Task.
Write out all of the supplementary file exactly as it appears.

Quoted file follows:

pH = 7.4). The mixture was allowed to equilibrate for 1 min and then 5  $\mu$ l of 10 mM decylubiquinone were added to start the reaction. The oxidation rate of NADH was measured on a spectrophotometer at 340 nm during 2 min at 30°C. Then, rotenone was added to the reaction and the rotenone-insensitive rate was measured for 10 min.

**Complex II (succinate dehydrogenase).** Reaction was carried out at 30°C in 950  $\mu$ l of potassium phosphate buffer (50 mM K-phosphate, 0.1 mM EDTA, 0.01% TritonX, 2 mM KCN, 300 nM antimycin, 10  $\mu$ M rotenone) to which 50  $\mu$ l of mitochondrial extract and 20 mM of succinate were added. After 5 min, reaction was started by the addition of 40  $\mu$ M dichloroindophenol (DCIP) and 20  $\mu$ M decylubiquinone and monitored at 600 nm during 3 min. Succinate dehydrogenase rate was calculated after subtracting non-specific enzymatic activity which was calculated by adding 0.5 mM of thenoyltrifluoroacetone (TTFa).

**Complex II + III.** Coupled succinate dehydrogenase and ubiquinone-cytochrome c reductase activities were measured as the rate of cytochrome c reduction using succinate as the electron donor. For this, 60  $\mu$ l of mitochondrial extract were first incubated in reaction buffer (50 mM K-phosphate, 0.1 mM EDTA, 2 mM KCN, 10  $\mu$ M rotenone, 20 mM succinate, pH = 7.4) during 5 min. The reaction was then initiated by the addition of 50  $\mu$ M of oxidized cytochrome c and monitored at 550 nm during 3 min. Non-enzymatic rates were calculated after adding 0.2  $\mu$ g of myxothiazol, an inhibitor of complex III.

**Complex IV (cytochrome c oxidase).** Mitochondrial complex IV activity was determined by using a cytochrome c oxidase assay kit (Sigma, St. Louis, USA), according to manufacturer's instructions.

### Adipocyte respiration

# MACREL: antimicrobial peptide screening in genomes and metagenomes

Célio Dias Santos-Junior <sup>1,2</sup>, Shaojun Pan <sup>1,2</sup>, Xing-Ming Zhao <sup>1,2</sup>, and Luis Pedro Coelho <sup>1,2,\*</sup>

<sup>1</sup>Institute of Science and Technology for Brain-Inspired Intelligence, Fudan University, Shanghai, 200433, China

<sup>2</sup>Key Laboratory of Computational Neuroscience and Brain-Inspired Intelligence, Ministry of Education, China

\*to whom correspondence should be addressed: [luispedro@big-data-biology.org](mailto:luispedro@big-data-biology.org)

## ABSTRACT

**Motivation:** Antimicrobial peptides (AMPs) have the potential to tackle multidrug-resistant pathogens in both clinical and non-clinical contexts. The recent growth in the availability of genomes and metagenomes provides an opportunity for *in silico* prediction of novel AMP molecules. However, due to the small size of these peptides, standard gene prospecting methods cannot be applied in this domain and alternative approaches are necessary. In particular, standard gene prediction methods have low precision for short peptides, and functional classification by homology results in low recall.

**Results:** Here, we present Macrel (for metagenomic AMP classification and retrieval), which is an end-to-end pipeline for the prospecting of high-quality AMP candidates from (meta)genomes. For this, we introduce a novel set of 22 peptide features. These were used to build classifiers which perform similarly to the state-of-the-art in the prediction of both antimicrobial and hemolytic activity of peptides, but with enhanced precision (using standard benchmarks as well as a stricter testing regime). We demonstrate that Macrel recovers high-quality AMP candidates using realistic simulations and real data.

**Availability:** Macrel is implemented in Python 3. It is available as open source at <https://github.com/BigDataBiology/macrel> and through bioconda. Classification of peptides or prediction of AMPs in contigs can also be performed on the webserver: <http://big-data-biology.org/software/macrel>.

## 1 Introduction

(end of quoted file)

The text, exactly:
pH = 7.4). The mixture was allowed to equilibrate for 1 min and then 5  $\mu$ l of 10 mM decylubiquinone were added to start the reaction. The oxidation rate of NADH was measured on a spectrophotometer at 340 nm during 2 min at 30°C. Then, rotenone was added to the reaction and the rotenone-insensitive rate was measured for 10 min.

**Complex II (succinate dehydrogenase).** Reaction was carried out at 30°C in 950  $\mu$ l of potassium phosphate buffer (50 mM K-phosphate, 0.1 mM EDTA, 0.01% TritonX, 2 mM KCN, 300 nM antimycin, 10  $\mu$ M rotenone) to which 50  $\mu$ l of mitochondrial extract and 20 mM of succinate were added. After 5 min, reaction was started by the addition of 40  $\mu$ M dichloroindophenol (DCIP) and 20  $\mu$ M decylubiquinone and monitored at 600 nm during 3 min. Succinate dehydrogenase rate was calculated after subtracting non-specific enzymatic activity which was calculated by adding 0.5 mM of thenoyltrifluoroacetone (TTFa).

**Complex II + III.** Coupled succinate dehydrogenase and ubiquinone-cytochrome c reductase activities were measured as the rate of cytochrome c reduction using succinate as the electron donor. For this, 60  $\mu$ l of mitochondrial extract were first incubated in reaction buffer (50 mM K-phosphate, 0.1 mM EDTA, 2 mM KCN, 10  $\mu$ M rotenone, 20 mM succinate, pH = 7.4) during 5 min. The reaction was then initiated by the addition of 50  $\mu$ M of oxidized cytochrome c and monitored at 550 nm during 3 min. Non-enzymatic rates were calculated after adding 0.2  $\mu$ g of myxothiazol, an inhibitor of complex III.

**Complex IV (cytochrome c oxidase).** Mitochondrial complex IV activity was determined by using a cytochrome c oxidase assay kit (Sigma, St. Louis, USA), according to manufacturer's instructions.

### Adipocyte respiration

# MACREL: antimicrobial peptide screening in genomes and metagenomes

Célio Dias Santos-Junior <sup>1,2</sup>, Shaojun Pan <sup>1,2</sup>, Xing-Ming Zhao <sup>1,2</sup>, and Luis Pedro Coelho <sup>1,2,\*</sup>

<sup>1</sup>Institute of Science and Technology for Brain-Inspired Intelligence, Fudan University, Shanghai, 200433, China

<sup>2</sup>Key Laboratory of Computational Neuroscience and Brain-Inspired Intelligence, Ministry of Education, China

\*to whom correspondence should be addressed: [luispedro@big-data-biology.org](mailto:luispedro@big-data-biology.org)

## ABSTRACT

**Motivation:** Antimicrobial peptides (AMPs) have the potential to tackle multidrug-resistant pathogens in both clinical and non-clinical contexts. The recent growth in the availability of genomes and metagenomes provides an opportunity for *in silico* prediction of novel AMP molecules. However, due to the small size of these peptides, standard gene prospecting methods cannot be applied in this domain and alternative approaches are necessary. In particular, standard gene prediction methods have low precision for short peptides, and functional classification by homology results in low recall.

**Results:** Here, we present Macrel (for metagenomic AMP classification and retrieval), which is an end-to-end pipeline for the prospecting of high-quality AMP candidates from (meta)genomes. For this, we introduce a novel set of 22 peptide features. These were used to build classifiers which perform similarly to the state-of-the-art in the prediction of both antimicrobial and hemolytic activity of peptides, but with enhanced precision (using standard benchmarks as well as a stricter testing regime). We demonstrate that Macrel recovers high-quality AMP candidates using realistic simulations and real data.

**Availability:** Macrel is implemented in Python 3. It is available as open source at <https://github.com/BigDataBiology/macrel> and through bioconda. Classification of peptides or prediction of AMPs in contigs can also be performed on the webserver: <http://big-data-biology.org/software/macrel>.

## 1 Introduction